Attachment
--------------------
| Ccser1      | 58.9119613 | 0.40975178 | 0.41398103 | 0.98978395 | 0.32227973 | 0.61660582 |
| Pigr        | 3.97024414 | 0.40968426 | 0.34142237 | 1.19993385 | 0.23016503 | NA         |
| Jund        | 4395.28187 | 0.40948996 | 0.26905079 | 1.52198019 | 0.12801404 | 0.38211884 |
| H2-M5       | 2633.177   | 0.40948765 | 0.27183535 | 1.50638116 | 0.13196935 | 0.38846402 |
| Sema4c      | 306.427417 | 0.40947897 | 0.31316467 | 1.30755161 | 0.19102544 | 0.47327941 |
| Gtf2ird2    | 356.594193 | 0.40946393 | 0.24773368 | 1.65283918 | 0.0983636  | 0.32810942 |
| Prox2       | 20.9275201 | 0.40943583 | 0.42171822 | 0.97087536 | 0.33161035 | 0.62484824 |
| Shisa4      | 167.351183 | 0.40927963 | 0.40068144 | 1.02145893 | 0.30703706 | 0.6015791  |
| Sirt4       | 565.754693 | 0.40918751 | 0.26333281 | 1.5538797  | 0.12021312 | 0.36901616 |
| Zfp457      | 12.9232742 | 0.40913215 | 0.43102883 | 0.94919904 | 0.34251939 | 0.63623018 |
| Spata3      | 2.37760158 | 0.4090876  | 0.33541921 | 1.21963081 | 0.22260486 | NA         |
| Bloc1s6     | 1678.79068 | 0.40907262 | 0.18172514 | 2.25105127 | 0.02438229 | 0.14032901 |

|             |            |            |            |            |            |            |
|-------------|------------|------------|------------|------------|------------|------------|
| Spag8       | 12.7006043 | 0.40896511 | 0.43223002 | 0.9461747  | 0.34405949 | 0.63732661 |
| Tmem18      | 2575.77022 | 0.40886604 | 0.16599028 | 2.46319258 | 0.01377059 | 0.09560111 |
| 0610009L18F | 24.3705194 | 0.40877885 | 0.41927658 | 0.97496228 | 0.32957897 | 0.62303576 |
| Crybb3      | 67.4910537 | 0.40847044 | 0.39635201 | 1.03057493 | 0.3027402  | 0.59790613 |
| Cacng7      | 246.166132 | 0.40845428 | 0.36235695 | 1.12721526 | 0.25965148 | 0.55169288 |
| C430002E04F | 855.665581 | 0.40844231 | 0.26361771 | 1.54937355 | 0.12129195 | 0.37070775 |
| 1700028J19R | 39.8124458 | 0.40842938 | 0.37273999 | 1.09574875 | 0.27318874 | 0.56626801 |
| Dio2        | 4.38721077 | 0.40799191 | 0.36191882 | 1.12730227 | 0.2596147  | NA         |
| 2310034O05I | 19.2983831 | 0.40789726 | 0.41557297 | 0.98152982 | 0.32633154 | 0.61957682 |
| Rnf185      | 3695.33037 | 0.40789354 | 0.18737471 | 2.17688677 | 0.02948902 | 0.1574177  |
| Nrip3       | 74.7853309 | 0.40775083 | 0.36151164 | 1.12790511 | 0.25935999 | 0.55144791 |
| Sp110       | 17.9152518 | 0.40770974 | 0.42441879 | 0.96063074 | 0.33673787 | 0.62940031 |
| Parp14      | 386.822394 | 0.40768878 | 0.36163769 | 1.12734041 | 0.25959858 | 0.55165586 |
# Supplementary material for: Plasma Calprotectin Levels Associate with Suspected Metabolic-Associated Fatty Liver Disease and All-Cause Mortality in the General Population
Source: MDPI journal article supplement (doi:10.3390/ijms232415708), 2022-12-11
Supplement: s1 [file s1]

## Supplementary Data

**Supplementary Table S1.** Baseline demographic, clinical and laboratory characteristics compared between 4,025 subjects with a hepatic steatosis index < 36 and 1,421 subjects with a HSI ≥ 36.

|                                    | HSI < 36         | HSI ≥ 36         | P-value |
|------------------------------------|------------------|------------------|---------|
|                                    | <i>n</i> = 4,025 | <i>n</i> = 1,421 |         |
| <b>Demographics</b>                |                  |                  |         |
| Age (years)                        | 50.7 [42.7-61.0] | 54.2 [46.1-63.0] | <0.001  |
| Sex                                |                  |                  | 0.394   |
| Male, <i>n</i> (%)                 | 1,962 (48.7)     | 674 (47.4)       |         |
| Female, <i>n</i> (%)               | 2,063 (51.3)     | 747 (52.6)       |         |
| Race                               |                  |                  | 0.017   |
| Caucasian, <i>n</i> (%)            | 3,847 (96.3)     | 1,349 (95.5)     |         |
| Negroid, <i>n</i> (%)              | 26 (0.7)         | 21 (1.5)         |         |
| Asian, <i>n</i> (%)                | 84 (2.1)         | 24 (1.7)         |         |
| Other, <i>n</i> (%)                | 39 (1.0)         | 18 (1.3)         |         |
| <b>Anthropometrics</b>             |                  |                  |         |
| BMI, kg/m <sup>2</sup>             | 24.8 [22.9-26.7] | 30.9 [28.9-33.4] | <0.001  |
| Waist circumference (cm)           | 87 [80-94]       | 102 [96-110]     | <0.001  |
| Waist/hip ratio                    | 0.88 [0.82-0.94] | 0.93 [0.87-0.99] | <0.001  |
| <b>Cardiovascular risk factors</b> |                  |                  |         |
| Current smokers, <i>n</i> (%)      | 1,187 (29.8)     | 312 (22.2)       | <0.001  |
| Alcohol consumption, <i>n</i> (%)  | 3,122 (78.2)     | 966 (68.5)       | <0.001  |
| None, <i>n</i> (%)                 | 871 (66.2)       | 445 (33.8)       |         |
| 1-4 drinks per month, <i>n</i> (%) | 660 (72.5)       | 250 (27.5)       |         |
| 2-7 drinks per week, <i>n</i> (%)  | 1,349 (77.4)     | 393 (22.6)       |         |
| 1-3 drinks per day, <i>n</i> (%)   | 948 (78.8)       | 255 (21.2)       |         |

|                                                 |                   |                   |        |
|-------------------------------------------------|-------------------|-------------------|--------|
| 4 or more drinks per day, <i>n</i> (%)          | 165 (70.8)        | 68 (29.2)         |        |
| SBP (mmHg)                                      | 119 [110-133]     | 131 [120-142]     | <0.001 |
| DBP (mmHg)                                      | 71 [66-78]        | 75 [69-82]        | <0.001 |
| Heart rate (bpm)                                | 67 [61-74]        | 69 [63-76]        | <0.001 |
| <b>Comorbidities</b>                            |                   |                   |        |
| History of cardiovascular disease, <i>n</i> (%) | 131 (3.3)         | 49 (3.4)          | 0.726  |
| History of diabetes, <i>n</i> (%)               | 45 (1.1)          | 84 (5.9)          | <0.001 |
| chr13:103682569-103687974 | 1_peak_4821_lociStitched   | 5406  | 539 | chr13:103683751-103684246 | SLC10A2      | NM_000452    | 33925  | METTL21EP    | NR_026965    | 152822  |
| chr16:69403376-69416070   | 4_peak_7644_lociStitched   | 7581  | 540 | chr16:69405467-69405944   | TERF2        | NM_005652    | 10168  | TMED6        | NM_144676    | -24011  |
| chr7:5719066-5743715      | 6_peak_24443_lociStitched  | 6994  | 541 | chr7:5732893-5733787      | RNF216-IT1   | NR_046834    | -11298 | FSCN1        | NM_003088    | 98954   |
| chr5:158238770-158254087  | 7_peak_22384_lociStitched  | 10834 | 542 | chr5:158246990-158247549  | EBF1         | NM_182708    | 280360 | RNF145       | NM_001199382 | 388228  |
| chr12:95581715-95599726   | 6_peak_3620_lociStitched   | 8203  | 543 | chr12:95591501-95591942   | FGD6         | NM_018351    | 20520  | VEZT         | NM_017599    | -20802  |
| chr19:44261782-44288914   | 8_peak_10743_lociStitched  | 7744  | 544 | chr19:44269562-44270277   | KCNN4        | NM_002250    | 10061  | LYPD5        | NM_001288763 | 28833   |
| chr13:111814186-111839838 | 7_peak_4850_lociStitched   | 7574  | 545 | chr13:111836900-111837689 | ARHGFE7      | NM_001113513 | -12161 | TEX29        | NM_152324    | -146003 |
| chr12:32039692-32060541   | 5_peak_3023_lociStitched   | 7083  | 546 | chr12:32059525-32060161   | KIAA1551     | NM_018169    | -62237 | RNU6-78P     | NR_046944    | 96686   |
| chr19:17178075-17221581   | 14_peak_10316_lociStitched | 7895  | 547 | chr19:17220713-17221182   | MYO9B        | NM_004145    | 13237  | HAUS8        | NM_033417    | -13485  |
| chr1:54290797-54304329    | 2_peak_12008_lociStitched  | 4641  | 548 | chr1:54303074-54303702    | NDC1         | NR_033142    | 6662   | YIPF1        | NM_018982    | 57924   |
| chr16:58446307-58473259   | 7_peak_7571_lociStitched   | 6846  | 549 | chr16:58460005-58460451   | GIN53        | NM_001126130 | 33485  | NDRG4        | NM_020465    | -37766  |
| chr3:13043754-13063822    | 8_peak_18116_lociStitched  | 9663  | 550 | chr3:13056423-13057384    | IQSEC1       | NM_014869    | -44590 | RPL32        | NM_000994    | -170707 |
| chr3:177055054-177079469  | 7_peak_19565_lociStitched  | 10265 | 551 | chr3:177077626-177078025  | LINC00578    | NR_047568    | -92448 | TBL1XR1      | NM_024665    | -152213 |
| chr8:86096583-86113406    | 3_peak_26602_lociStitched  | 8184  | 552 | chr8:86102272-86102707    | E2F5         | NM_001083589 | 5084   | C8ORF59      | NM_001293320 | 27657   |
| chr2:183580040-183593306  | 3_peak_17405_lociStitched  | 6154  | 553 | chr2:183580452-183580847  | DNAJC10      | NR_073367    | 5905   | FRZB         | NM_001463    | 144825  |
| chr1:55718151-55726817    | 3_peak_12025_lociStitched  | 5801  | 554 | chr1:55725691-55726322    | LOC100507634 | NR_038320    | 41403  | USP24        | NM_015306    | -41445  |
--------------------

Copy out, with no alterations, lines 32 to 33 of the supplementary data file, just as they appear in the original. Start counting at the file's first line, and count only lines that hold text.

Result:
**Supplementary Table S1.** Baseline demographic, clinical and laboratory characteristics compared between 4,025 subjects with a hepatic steatosis index < 36 and 1,421 subjects with a HSI ≥ 36.

|                                    | HSI < 36         | HSI ≥ 36         | P-value |